Peru had demonstrated its firm commitment to people with disabilities, who represented just over 10 per cent of its population. The State party had strived to overcome structural discrimination against persons with disabilities to facilitate their comprehensive development and to ensure that their rights were fully respected in an inclusive society.
NANCY ROSALINA TOLENTINO GAMARRA, Minister for Women Affairs and Vulnerable Peoples and head of the delegation, said person with disabilities represented just over 10 per cent of the population. Since the ratification of the Convention, Peru had been firmly committed to the elimination of physical, communicational and attitudinal barriers limiting the development of persons with disabilities, with a view to building an equitable society. Law 29973 of 2012, the General Law on Persons with Disabilities, introduced a set of measures obliging public entities and private business to intervene for the benefit of persons with disabilities. The national system for the integration of people with disabilities had created rules and regulations designed to guarantee compliance with public policies on disability. Another important achievement was the harmonisation of civil laws to recognise the full legal capacity of people with disabilities, prevent interventions on the grounds of disability, and strengthen the obligation to provide reasonable accommodation. This went hand in hand with the adoption of several rules, regulations and protocols as well as training of justice operators and workers in public and private bodies to provide quality treatment and care for persons with disabilities. Peru had been mainstreaming its public policies to ensure it effectively provided care for all people.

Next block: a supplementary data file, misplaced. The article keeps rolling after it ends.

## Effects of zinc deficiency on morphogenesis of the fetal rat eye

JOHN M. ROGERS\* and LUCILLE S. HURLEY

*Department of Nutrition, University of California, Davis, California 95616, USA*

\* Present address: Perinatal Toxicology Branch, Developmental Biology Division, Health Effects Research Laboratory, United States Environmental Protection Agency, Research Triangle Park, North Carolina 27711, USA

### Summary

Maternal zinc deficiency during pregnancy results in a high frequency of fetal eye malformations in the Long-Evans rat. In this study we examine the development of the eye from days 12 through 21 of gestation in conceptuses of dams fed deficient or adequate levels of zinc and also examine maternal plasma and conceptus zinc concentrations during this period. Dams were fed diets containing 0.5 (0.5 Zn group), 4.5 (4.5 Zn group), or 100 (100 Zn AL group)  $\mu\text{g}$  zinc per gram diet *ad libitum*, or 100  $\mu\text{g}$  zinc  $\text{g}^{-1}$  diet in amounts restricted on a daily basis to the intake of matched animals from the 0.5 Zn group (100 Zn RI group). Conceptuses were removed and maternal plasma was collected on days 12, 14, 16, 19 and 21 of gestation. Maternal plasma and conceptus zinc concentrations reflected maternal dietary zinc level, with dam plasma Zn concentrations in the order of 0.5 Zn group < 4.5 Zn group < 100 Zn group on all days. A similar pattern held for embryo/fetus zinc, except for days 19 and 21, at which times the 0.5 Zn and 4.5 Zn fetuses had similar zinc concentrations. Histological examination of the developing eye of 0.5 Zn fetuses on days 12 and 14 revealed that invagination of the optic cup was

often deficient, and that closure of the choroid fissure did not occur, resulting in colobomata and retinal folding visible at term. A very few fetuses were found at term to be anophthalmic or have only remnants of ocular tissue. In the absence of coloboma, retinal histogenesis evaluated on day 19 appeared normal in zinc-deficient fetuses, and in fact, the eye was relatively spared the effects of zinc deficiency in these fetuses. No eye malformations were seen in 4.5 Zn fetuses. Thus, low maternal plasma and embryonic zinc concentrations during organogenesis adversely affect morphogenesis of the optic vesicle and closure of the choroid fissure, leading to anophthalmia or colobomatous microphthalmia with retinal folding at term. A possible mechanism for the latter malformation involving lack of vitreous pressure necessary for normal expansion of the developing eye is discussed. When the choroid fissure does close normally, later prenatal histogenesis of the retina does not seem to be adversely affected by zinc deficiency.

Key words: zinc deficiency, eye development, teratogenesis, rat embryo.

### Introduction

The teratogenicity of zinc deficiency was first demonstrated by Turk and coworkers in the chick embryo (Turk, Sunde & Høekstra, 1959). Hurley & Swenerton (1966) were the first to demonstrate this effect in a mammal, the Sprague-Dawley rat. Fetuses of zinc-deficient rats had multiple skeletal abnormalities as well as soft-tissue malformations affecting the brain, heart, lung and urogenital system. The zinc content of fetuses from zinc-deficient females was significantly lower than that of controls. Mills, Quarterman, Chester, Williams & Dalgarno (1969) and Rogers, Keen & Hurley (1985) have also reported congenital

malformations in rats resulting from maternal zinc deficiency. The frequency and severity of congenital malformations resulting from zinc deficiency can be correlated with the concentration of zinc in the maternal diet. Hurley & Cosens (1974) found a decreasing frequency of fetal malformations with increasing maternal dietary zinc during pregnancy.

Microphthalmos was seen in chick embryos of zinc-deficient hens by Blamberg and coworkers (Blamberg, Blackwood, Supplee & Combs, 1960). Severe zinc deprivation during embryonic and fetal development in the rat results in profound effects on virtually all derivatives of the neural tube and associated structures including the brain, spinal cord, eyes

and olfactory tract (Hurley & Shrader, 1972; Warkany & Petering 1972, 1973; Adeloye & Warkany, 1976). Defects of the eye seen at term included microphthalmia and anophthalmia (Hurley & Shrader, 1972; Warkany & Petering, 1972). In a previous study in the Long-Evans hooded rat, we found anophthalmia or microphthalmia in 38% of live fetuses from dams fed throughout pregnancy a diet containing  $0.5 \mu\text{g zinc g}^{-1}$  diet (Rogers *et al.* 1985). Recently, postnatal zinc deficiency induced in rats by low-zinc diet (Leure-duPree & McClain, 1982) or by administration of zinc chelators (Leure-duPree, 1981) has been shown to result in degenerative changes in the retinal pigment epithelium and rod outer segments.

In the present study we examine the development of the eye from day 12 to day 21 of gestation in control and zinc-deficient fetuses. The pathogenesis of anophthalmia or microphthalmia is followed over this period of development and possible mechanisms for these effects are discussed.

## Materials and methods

Another landmark achievement was the adoption of the Multisectoral Public Policy on Disability for Development, which was in effect until 2030. This was the first national public policy on disability. The State had consulted with civil society in its design and development, and it set a precedent in the area of disability. This mechanism sought to eliminate structural discrimination against persons with disabilities, guaranteeing their rights based on seven main targets and guarantee their access to services.
In its regulatory framework, Peru had made significant progress over the last few years with regards to the promotion of inclusive education, comprehensive healthcare, mental health, and integration in public and private business entities. The State had promoted accessibility in physical environments and facilities, and provided defence against abuse and violence.
Peru had strengthened the National Council for Integration of People with Disabilities and given it more powers of inspection, stressing the responsibility of regional and local governments to developed incentives to include people with disabilities. A policy had been designed to ensure that the public officials knew what to do to mainstream disability in performing their functions.